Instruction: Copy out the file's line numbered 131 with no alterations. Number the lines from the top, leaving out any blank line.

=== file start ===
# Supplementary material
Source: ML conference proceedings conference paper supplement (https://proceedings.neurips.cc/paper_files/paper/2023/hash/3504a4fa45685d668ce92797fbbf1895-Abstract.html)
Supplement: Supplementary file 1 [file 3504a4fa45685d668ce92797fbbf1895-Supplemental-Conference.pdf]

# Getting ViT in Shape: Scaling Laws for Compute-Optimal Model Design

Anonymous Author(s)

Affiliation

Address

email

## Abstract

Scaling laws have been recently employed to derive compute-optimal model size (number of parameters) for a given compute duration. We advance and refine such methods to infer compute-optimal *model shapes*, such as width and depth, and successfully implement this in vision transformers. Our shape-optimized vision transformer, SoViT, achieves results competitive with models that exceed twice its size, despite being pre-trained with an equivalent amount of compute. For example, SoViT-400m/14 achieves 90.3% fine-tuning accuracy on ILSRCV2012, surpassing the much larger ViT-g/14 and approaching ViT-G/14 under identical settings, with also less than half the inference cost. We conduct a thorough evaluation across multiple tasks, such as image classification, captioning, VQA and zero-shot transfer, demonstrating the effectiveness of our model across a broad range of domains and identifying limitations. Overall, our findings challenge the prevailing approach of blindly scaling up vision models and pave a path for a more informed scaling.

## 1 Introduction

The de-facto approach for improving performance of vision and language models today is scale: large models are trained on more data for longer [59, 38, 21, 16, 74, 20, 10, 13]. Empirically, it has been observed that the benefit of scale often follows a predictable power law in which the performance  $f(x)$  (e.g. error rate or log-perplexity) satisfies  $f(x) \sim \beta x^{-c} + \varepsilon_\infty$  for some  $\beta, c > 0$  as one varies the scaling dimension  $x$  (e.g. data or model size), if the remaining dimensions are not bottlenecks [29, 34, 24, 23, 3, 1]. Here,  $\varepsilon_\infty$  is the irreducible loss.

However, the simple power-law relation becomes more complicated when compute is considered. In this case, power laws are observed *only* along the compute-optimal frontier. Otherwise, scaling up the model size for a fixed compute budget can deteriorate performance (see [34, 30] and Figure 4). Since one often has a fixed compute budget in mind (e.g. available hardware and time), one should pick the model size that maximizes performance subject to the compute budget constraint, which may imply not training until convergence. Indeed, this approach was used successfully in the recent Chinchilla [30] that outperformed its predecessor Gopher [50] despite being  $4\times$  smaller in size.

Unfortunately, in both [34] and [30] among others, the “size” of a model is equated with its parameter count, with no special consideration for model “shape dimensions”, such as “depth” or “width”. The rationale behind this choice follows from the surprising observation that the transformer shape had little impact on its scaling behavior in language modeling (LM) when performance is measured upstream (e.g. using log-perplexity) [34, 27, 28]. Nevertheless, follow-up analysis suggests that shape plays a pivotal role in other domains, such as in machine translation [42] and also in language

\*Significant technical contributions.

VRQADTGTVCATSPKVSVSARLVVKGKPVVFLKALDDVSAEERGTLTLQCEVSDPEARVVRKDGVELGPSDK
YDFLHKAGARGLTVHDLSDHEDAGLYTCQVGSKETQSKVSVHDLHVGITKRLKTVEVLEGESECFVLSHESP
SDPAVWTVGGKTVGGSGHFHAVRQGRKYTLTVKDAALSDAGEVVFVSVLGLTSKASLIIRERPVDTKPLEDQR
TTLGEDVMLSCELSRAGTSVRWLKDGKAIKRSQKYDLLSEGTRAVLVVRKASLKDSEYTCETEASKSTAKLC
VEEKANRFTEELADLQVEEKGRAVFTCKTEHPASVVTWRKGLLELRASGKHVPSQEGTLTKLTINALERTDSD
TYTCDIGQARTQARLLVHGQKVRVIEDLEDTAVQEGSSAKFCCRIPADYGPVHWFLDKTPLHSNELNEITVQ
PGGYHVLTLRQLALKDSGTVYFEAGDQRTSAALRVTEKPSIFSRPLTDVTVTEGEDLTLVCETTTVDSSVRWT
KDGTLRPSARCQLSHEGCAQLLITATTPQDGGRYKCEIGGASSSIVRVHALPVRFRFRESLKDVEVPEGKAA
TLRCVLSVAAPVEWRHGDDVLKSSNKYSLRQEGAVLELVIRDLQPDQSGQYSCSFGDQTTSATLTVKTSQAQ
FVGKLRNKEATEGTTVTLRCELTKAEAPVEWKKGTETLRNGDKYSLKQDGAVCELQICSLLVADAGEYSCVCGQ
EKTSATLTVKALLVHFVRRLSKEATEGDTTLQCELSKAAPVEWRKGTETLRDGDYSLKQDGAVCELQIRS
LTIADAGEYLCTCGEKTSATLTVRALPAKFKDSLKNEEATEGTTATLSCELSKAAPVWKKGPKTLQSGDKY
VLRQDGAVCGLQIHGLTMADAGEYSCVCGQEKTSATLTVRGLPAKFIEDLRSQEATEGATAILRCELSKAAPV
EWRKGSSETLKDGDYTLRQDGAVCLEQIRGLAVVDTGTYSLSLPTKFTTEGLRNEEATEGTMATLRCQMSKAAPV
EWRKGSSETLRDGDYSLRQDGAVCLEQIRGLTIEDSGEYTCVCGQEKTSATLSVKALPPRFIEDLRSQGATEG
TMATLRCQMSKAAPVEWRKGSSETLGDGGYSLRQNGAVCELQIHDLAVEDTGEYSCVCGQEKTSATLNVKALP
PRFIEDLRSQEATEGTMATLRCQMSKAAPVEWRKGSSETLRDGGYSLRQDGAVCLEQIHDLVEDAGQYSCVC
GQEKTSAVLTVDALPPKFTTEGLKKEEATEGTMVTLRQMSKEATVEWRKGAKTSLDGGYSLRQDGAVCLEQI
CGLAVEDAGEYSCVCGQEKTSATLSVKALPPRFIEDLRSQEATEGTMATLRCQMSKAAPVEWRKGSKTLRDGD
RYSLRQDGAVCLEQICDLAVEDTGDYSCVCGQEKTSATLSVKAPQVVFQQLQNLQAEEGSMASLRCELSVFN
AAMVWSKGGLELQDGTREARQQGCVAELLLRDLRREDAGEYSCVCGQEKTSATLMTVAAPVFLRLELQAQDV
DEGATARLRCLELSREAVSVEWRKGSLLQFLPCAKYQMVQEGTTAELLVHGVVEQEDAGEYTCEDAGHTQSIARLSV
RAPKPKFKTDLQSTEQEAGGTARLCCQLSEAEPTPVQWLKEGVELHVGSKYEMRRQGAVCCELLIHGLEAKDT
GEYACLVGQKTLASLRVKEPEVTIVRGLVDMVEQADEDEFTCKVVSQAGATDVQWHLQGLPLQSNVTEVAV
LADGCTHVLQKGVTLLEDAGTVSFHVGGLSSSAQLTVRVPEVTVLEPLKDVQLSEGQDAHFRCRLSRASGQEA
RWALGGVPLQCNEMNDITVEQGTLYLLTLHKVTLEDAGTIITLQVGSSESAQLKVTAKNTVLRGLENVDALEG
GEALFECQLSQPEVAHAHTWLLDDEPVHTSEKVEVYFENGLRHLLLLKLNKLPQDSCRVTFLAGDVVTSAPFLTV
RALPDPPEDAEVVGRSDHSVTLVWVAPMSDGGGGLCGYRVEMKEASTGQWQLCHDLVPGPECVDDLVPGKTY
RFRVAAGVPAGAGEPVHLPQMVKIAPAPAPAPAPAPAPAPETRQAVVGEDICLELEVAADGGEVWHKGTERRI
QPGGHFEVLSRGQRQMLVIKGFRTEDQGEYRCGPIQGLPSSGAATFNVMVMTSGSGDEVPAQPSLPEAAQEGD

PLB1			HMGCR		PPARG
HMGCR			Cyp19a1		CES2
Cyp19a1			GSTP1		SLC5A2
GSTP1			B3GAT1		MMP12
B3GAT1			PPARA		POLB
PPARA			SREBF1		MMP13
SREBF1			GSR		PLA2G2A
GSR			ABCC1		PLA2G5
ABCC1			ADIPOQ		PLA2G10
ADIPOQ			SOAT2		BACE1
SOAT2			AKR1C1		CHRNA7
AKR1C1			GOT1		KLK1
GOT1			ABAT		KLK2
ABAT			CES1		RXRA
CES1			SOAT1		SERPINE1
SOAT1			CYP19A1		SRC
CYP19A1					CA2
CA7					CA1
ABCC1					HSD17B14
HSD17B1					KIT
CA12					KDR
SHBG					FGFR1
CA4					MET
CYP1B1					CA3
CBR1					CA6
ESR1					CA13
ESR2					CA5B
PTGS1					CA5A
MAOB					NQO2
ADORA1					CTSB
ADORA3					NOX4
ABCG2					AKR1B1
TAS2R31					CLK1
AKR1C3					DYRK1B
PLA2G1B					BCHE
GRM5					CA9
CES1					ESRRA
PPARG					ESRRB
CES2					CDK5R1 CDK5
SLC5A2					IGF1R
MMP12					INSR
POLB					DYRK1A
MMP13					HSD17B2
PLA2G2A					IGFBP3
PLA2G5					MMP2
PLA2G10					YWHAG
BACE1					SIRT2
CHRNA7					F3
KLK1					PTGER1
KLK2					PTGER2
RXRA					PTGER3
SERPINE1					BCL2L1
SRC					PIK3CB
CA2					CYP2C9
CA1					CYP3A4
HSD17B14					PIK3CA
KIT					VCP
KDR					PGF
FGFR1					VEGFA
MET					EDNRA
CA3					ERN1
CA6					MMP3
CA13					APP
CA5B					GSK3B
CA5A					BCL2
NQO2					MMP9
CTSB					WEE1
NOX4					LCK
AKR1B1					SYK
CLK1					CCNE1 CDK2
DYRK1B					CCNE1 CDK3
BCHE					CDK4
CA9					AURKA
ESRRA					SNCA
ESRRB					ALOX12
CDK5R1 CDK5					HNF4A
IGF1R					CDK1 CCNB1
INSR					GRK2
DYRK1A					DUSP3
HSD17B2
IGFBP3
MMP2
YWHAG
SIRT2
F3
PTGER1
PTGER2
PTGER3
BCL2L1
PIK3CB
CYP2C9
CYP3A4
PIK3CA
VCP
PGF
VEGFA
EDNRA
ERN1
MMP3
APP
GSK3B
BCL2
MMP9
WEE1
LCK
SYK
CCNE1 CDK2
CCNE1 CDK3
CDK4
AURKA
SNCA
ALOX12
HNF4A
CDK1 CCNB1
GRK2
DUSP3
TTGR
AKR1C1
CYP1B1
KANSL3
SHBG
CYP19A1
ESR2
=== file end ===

PTGER1